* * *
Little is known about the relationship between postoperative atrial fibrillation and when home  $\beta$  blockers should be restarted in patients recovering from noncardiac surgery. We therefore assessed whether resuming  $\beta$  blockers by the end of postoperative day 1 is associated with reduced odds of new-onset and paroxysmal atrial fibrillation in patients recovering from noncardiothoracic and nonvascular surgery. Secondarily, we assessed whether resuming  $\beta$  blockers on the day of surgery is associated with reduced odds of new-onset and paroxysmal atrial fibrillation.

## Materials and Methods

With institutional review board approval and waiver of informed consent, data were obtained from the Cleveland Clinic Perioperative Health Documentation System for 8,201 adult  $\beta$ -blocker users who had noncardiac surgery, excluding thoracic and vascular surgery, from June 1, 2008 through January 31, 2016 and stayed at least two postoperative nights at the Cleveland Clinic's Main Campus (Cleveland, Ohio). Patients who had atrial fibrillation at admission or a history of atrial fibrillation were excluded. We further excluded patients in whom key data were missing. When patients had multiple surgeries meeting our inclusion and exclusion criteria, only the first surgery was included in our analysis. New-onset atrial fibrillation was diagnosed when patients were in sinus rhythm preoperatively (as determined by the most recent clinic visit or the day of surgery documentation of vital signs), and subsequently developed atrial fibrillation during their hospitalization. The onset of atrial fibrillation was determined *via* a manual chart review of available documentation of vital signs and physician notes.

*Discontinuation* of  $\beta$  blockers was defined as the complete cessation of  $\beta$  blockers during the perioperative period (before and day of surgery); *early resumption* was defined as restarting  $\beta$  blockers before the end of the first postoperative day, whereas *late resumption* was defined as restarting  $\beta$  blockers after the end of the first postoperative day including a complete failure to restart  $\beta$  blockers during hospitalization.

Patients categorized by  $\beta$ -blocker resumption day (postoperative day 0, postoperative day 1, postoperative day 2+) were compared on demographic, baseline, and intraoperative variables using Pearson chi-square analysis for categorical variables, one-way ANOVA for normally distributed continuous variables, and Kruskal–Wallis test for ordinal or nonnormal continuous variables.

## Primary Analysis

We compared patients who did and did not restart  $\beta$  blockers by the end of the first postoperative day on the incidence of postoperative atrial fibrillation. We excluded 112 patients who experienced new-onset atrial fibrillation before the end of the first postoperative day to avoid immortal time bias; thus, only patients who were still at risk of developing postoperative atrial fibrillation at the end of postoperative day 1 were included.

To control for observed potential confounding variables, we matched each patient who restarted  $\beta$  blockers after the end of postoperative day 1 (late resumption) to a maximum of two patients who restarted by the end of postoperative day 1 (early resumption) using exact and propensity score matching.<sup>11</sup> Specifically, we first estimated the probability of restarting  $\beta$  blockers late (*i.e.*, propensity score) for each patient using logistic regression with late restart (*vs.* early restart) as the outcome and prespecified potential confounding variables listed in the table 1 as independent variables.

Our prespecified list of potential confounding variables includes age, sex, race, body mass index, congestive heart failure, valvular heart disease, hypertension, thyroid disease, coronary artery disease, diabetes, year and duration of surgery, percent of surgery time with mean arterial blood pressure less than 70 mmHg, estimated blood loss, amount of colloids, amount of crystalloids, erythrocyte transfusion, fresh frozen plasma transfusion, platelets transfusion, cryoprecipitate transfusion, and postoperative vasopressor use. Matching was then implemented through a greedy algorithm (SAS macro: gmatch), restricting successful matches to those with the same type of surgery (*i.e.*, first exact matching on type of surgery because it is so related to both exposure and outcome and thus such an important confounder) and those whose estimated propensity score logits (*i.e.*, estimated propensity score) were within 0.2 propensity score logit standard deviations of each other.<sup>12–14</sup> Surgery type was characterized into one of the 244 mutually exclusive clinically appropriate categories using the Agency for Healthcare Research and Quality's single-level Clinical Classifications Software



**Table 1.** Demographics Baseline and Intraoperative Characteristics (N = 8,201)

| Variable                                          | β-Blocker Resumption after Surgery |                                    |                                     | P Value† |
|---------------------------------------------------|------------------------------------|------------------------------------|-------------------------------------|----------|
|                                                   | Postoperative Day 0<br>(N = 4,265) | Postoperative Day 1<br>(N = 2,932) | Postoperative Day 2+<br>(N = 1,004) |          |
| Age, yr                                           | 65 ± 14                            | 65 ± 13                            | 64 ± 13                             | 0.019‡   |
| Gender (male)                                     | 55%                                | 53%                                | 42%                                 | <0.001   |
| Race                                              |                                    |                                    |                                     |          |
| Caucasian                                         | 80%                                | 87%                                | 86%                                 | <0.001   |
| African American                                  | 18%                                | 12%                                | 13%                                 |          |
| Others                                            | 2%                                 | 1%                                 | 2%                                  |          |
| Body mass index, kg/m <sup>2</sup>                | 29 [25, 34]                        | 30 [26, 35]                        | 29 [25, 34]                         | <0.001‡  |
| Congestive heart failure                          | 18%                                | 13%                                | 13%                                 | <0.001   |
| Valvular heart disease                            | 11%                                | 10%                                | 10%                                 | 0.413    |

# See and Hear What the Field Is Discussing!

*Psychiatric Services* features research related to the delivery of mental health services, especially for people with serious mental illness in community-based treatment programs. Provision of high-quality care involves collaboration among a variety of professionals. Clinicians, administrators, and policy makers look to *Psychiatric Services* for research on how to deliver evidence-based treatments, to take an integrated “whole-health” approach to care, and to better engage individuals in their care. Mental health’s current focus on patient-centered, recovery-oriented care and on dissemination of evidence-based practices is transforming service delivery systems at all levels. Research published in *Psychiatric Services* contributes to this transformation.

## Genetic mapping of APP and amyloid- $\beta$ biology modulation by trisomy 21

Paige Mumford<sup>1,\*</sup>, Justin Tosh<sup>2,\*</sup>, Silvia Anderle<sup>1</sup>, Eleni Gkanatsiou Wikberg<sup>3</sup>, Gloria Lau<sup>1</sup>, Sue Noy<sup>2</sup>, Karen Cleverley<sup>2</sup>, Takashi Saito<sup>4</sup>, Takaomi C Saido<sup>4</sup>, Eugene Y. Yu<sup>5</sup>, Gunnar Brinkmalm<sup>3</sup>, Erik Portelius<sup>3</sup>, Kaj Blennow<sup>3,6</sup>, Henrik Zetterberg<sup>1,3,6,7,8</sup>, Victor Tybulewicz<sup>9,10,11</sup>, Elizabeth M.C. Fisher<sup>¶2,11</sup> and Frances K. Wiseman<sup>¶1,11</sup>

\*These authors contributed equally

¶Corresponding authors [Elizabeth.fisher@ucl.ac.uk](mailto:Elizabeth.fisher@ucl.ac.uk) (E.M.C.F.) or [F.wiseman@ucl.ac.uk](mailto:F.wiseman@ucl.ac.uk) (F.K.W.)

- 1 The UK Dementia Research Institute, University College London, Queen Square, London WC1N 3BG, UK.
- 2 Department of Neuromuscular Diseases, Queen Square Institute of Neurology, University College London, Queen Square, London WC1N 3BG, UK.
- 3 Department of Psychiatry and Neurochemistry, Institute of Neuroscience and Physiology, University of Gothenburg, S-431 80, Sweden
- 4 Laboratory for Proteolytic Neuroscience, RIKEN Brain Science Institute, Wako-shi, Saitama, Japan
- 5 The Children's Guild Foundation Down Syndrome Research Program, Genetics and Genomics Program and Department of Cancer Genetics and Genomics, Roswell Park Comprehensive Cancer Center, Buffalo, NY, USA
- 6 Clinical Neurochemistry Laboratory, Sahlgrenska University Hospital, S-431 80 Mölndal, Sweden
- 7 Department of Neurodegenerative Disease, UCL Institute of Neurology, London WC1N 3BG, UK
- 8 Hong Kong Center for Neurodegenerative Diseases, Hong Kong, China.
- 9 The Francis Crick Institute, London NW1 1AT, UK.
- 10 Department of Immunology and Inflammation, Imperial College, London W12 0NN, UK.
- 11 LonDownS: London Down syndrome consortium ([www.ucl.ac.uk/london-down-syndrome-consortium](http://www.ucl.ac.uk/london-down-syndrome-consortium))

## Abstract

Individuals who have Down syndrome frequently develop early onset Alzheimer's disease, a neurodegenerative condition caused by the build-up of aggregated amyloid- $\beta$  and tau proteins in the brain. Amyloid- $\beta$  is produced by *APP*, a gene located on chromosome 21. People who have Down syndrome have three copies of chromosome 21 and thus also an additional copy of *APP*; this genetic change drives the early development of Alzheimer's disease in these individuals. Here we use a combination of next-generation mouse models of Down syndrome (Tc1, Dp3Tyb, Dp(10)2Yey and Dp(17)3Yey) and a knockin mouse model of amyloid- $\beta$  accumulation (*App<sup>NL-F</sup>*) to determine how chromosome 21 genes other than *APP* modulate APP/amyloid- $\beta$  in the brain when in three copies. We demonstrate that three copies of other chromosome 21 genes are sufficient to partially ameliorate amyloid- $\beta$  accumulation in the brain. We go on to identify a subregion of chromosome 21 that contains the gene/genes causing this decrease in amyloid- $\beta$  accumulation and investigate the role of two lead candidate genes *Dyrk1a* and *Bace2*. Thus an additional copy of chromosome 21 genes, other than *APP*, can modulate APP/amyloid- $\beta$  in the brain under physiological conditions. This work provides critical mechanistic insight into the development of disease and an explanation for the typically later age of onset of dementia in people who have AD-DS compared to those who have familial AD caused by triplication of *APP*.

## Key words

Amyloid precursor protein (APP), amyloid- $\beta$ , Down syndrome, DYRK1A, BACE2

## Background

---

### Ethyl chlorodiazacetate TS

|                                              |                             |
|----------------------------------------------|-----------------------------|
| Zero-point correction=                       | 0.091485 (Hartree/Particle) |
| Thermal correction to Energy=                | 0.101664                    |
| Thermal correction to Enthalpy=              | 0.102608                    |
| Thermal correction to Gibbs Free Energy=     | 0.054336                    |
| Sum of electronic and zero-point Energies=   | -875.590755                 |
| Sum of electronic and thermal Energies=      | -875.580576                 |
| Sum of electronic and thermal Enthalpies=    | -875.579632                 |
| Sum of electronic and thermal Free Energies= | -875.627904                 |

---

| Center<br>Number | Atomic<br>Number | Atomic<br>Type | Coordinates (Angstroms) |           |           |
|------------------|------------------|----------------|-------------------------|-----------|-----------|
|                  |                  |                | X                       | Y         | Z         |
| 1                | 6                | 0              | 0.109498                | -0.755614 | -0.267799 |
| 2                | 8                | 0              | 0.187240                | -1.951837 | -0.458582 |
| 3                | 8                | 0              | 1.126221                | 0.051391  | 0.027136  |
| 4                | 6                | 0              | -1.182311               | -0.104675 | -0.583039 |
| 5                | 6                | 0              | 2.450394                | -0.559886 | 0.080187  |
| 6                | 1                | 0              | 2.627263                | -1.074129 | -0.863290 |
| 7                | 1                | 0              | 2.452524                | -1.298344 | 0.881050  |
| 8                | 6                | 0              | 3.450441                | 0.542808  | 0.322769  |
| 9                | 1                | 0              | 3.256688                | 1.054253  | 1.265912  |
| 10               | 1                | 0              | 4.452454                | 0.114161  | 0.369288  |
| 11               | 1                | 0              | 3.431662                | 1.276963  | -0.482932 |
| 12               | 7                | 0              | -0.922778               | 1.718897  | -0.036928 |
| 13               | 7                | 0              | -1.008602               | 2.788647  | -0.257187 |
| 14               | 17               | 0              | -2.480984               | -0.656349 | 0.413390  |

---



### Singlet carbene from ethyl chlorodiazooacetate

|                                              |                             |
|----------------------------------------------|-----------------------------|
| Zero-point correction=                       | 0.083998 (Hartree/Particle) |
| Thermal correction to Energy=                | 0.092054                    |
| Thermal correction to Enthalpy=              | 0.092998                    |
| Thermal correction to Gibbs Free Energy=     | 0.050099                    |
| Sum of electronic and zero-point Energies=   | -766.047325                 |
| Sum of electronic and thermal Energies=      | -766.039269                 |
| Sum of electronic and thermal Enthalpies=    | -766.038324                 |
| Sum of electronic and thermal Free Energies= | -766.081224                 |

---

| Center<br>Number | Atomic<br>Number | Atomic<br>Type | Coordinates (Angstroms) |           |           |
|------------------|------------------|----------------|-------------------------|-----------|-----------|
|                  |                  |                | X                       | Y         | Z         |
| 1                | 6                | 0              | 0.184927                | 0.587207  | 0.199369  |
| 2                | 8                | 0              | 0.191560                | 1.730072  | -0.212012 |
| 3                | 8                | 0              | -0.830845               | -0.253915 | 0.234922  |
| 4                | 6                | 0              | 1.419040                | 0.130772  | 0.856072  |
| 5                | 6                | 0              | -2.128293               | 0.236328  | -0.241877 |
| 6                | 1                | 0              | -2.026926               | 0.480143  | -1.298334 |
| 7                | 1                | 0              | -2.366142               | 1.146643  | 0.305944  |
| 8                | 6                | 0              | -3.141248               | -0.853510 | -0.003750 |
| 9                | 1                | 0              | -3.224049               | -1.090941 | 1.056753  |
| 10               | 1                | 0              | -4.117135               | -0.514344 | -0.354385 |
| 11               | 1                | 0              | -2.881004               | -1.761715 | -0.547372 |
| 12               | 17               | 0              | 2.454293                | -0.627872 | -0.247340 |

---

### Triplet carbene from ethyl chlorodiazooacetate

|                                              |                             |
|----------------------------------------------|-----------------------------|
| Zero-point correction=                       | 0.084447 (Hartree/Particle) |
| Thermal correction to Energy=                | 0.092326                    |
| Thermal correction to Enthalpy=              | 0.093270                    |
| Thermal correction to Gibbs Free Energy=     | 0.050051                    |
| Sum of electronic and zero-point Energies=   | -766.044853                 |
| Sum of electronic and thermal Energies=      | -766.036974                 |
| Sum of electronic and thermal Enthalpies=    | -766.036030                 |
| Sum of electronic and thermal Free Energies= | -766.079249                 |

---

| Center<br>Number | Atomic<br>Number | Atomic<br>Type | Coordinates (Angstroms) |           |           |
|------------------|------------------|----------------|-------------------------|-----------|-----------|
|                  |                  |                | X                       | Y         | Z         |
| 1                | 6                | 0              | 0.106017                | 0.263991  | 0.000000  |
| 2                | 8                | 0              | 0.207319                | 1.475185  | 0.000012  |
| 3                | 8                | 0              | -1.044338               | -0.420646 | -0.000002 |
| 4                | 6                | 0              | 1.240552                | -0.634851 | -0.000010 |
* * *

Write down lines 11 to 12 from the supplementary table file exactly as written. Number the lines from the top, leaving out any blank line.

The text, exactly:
| Variable                                          | β-Blocker Resumption after Surgery |                                    |                                     | P Value† |
|---------------------------------------------------|------------------------------------|------------------------------------|-------------------------------------|----------|